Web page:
The Pen is Mightier Than...the Pencil?
C.S. Lewis seldom read the newspaper, and he recommended to his assistant Walter Hooper that "if he *must* read the newspaper, he have a frequent "mouthwash" withThe Lord of the Rings or some other great book". But there were issues current to his generation that he felt important enough to write essays about them for publication. Here is the beginning of his one of his pieces against censorship:
There have been very few societies, though there have been some, in which it was considered shameful to make a drawing of the naked human body: a detailed, unexpurgated drawing which omits nothing that the eye can see. On the other hand, there have been very few societies in which it would have been permissible to give an equally detailed description of the same subject in words. What is the cause of this seemingly arbitrary discrimination? [...] fortunately there is a very easy way of finding out why the distinction exists. Sit down and draw your nude. When you have finished it, take your pen and attempt the written description. Before you have finished you will be faced with a problem which simply did not exist while you were working at the picture. When you come to those parts of the body which are not usually mentioned, you will have to make a choice of vocabulary. And you will find that you have only four alternatives: a nursery word, an archaism, a word from the gutter, or a scientific word. You will not find any ordinary, neutral word, comparable to "hand" or "nose". And this is going to be very troublesome. Whichever of the four words you choose is going to give a particular tone to your composition: willy-nilly you must produce baby-talk, or Wardour Street, or coarseness, or technical jargon. And each of these will force you to imply a particular attitude (which is not what you intended to imply) towards your material. The words will force you to write as if you thought it either childish, or quaint, or contemptible, or of purely scientific interest. In fact mere description is impossible. Language forces you to an implicit comment. In the drawing you did not need to comment: you left the lines to speak for themselves. I am talking, of course about mere draughtsmanship at its simplest level. A completed work by a real artist will certainly contain a comment about something. The point is that, when we use words instead of lines, there is really nothing that corresponds to mere draughtsmanship. The pen always does both less and more than the pencil.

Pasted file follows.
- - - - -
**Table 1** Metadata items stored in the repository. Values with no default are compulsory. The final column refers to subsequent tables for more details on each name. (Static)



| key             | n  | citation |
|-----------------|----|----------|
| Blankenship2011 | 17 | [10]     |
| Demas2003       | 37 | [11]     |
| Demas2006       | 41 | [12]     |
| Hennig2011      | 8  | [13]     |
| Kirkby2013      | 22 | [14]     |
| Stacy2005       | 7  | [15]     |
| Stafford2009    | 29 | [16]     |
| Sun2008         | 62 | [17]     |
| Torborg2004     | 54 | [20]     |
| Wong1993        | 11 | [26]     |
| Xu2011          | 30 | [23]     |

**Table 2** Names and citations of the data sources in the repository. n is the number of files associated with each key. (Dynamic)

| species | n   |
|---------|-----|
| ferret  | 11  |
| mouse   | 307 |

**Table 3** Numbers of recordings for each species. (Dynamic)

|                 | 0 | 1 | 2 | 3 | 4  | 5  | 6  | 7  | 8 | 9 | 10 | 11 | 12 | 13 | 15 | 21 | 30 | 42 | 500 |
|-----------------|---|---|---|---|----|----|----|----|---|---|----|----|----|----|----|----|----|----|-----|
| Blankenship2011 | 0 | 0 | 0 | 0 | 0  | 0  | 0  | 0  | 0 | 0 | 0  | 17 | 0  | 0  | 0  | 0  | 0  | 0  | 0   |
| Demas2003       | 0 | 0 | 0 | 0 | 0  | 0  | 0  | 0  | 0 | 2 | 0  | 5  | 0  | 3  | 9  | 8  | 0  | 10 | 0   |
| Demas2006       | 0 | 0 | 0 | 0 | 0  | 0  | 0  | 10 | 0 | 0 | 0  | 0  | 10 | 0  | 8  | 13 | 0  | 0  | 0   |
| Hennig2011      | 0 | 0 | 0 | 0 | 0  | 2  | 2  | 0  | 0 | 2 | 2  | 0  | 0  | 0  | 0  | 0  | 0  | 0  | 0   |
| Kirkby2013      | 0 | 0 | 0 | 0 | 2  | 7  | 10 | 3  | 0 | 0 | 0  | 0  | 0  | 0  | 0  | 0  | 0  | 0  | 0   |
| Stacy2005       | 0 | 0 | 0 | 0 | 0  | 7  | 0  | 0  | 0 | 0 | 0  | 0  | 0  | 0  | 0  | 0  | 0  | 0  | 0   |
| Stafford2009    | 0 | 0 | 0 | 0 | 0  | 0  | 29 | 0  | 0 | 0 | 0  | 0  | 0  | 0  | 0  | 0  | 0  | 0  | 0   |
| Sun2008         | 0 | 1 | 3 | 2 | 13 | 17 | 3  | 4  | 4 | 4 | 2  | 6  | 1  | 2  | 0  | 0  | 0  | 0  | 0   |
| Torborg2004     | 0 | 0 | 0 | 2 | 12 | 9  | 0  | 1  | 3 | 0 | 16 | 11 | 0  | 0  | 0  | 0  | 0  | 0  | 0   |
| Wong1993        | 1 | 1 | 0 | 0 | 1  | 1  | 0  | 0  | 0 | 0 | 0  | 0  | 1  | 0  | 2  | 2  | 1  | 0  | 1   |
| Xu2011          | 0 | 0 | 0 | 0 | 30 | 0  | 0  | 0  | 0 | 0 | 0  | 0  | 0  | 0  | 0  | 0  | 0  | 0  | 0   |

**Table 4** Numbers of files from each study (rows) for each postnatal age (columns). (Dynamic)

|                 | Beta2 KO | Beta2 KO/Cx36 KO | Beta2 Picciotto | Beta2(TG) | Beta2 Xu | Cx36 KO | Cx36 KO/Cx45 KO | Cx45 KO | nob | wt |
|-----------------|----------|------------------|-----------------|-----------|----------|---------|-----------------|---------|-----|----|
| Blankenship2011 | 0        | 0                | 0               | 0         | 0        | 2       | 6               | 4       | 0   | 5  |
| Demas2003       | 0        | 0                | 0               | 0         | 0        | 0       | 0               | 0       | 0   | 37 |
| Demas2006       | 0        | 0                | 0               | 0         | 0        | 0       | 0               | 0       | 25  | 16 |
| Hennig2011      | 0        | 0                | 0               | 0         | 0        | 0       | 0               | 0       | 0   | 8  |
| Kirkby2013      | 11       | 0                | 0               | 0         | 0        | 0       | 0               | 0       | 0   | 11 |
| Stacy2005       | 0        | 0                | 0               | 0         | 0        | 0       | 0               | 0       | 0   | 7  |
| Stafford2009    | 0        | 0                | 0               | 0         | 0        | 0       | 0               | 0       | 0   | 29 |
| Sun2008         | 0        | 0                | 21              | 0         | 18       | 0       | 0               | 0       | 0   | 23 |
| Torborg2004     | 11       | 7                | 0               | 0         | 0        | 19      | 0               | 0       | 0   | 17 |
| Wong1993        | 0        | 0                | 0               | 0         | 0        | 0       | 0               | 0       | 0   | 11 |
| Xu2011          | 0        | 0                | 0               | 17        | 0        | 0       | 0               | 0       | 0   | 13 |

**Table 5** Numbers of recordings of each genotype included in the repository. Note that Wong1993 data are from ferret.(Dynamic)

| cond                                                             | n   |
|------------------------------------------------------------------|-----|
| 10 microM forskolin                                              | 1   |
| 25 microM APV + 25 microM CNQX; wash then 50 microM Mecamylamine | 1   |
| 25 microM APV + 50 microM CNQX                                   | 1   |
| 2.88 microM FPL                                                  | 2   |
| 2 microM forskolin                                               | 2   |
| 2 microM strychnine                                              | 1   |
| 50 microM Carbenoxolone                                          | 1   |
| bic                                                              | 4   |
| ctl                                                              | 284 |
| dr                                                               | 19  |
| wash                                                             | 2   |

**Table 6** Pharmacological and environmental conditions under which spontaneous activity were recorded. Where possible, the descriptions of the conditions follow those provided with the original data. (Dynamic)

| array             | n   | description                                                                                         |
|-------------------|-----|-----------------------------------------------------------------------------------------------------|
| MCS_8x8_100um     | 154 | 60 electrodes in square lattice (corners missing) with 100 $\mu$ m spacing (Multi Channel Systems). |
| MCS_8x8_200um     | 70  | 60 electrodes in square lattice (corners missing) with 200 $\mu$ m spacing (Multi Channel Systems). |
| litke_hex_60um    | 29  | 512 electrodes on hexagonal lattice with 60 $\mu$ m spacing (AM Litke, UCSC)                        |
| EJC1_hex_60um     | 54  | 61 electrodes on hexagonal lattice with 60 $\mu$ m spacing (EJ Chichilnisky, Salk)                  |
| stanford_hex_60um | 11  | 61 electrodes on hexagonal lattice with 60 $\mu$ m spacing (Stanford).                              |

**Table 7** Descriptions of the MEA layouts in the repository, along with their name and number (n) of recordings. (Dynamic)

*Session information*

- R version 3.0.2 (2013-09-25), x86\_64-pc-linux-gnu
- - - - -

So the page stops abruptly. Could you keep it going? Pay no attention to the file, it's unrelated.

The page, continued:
~C.S. Lewis, Present Concerns, "Prudery and Philology" (1st pub. in The Spectator, January 21, 1955)